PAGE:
At No. 2 Kataligaon, Mushalpur of Assam’s Baksa district, it was a wedding for all – villagers flocked to the marriage reception of Bhupen Rabha and Babita Boro on first of February with unique gifts. A message in the invitation card read – ‘Service to Mankind’ with the groom requesting people to donate old clothes and books for those in need. And everyone was happy to contribute to the noble cause.
“When we talk about marriage, it is usually about people, gifts and food. I thought of using this moment as an opportunity. Presuming that around 3000 people from far and near would be attending my wedding, I put out a message in the invitation card. People can take back an example from our village, an awareness message I intended to spread,” said Bhupen Rabha who is working as an Assistant Professor in the Department of English at a government college in Mushalpur.
As a return gift, the guests at the wedding were given a sapling of deodar cedar or Devadaru as it is locally called. “This was sponsored by the Assam Forest Department in order to spread the message of greener earth, and the need to plant more trees. The local ranger of Batabari helped us immensely. Those who got clothes and books got a sapling each,” said Rabha.
No. 2 Kataligaon was earlier accorded the recognition of cleanest village in Baksa district. Every road in the village has banners on both sides with messages on environment protection and society rules to be followed.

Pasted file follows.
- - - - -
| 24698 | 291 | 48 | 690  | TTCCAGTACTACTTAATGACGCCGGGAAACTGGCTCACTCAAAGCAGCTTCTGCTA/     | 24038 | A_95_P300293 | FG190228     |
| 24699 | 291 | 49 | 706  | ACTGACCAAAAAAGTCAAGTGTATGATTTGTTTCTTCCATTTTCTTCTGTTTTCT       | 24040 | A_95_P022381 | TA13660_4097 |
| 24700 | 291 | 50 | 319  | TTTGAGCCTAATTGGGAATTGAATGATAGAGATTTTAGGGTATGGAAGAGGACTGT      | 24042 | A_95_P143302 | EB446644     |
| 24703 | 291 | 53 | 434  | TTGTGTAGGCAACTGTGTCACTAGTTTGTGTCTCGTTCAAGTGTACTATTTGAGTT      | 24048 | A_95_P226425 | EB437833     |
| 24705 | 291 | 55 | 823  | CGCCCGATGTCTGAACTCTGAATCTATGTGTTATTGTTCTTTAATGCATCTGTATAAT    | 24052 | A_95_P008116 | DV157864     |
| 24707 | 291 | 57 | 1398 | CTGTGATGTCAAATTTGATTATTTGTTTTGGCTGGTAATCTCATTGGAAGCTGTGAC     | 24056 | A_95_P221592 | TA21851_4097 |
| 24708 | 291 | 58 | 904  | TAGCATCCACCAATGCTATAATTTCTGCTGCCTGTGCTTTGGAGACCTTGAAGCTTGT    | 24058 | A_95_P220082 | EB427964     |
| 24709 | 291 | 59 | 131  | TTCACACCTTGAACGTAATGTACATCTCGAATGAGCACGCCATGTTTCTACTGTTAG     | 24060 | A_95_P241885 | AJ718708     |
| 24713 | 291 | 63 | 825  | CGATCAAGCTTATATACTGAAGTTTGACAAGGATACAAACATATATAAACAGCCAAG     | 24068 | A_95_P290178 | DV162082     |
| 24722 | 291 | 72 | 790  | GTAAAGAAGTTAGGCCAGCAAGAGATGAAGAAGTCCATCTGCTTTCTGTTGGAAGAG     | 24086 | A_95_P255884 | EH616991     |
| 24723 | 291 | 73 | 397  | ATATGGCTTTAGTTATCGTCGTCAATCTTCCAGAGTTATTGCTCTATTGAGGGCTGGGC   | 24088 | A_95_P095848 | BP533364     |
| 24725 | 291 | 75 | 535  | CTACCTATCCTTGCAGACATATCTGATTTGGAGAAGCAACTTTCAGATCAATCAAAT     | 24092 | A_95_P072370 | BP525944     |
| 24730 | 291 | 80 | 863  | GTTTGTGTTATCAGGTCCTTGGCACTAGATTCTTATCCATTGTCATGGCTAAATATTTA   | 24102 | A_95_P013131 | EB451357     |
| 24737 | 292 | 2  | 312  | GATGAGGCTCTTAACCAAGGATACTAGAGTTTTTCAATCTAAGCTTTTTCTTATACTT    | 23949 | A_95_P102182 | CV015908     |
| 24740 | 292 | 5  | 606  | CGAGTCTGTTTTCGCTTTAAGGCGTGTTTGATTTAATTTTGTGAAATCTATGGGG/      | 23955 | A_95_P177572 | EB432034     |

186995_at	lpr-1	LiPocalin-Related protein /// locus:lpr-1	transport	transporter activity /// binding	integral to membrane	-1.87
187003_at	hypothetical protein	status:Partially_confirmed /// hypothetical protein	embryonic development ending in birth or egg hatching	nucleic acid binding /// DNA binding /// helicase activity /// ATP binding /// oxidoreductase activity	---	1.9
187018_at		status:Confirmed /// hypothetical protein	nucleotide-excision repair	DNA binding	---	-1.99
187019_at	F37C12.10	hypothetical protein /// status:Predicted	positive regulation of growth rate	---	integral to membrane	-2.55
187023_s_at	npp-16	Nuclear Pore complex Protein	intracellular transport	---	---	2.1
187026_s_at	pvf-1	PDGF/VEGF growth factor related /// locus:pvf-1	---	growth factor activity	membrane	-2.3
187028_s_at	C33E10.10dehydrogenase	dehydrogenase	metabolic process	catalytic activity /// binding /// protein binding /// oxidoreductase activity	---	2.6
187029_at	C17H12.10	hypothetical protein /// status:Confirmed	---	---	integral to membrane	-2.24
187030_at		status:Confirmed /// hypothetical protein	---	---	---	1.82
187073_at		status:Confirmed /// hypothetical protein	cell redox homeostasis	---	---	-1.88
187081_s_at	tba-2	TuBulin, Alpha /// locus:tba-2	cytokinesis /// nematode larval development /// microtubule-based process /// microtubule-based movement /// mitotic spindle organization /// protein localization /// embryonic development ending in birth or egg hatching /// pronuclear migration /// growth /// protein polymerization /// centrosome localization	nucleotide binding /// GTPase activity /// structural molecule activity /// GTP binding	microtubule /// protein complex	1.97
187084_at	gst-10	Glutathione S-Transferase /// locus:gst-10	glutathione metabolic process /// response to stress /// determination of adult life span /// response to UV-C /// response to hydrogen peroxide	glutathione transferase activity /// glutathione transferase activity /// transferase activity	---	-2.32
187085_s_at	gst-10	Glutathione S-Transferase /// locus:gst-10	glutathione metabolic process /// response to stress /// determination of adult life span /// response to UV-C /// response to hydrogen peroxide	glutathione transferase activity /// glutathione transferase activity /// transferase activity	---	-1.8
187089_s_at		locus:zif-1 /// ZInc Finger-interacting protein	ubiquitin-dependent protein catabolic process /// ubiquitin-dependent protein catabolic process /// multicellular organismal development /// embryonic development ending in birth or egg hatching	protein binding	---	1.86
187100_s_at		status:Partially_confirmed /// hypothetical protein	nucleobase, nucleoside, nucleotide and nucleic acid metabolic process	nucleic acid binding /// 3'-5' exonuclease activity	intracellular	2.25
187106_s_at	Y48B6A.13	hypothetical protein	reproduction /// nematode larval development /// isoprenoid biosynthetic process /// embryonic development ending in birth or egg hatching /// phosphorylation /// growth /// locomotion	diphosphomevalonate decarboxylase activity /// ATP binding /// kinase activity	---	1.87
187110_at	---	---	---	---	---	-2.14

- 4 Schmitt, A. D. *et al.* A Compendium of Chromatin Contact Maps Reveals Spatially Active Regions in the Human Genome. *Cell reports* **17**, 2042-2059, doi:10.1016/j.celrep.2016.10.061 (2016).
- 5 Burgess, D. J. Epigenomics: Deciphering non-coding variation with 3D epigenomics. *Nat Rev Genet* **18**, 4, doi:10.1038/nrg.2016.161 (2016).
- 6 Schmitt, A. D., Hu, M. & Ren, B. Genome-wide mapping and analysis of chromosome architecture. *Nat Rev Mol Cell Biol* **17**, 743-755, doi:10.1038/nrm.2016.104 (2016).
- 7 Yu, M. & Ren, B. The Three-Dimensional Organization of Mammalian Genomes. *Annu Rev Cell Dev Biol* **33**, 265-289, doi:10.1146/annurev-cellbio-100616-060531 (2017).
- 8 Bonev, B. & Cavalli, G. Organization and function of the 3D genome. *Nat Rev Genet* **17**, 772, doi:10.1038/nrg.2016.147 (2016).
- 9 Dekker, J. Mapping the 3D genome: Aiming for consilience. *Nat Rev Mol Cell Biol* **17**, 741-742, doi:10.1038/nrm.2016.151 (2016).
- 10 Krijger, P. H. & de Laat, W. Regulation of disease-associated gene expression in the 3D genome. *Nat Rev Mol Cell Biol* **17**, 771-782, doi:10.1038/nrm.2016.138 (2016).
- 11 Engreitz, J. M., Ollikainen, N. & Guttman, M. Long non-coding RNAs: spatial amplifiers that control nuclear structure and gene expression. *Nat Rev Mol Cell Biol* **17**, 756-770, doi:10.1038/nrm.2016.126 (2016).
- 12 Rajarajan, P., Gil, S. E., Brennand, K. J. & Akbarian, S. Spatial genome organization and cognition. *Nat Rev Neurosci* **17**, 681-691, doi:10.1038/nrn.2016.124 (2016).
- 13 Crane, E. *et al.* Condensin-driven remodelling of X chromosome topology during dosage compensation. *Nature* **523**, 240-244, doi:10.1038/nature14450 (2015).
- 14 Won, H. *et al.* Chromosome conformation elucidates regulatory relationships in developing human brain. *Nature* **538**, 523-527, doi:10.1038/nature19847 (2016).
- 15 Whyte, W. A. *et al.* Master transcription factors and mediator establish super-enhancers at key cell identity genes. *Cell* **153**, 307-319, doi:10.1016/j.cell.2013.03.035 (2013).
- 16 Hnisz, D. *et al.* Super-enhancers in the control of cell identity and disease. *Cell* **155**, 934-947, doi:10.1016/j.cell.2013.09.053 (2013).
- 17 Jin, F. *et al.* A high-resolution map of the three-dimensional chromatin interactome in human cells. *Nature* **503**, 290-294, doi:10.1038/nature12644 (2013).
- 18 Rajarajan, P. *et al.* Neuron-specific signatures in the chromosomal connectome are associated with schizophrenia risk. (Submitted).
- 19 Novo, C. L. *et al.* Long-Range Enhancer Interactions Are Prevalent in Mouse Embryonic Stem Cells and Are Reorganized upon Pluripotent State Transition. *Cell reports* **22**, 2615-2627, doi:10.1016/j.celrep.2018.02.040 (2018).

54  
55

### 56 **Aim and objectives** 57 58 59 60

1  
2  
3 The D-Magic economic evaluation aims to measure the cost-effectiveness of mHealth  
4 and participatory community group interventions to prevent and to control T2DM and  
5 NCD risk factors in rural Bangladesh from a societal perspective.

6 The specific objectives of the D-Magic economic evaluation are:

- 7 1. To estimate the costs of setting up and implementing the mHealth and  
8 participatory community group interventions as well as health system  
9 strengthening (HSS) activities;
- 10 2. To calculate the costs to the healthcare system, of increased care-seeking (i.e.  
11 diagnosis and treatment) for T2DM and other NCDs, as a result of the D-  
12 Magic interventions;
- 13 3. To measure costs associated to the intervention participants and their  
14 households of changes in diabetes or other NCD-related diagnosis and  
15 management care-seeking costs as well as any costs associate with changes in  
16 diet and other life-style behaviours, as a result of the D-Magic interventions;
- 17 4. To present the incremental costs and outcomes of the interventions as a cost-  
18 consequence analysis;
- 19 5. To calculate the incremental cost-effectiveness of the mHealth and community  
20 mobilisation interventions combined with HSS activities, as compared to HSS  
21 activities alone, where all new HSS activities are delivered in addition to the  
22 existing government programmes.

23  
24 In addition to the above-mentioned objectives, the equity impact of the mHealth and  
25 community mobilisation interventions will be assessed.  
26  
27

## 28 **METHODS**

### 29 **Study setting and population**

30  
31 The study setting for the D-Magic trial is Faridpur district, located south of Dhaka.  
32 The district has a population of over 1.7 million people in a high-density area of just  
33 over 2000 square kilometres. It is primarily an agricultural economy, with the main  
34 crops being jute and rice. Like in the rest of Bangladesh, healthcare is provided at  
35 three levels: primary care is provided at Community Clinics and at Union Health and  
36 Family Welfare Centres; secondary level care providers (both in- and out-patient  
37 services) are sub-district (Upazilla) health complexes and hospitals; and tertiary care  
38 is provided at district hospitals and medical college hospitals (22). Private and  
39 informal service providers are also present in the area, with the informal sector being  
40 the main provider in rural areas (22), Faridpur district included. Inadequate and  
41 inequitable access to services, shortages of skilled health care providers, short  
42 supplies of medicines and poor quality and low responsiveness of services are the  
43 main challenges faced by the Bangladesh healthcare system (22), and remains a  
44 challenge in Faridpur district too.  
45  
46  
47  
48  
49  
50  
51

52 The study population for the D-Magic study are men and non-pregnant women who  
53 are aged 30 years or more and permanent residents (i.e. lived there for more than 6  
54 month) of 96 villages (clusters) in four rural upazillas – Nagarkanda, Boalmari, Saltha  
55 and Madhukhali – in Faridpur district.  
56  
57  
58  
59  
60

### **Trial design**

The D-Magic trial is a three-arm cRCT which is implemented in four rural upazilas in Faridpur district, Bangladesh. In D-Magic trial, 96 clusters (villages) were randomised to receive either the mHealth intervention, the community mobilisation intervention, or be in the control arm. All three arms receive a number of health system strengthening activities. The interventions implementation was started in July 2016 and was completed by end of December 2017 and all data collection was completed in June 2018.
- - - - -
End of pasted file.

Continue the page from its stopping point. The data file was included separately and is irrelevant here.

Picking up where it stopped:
“We have three societies and work is divided between them to keep the village clean. The society members do all kind of work – cleaning cow dung from the roads to keeping a watch on anyone flouting rules. We are tribals, yet we prohibit the sale of liquor. Anyone found consuming liquor has to pay a fine of Rs 10, 000,” Rabha explained.
Rabha shared his idea with one of these societies, and though the villagers were skeptical of the initiative, they got together to help.
Rabha put up banners outside his house, and with the help of his European friend who was also his best man at the wedding, he organized a cultural show for the wedding guests where he distributed clothes to the cart pullers of his village.
Bundles of clothes collected in the wedding would now be distributed by the village society to those in need living in the community, and the books would be stacked at an open library for the villagers – Rabha believes it’s a big step to inspire them for quality education.
Asked about his wife, Rabha says she is ‘different’ in her own way, understanding and kind.
“She has been very supportive. We never though our plan would be such a success. It’s a love-cum-arranged marriage, and I can never thank God enough for Babita as my life partner.”
As people got to know about Rabha’s initiative, they are now keen to offer help and contribute for the cause.
“I gifted a set of books to Rabha and Babita. I am glad I could help, and at the same time bring out their story for others to follow,” said Monohar Rajbongshi, a local journalist.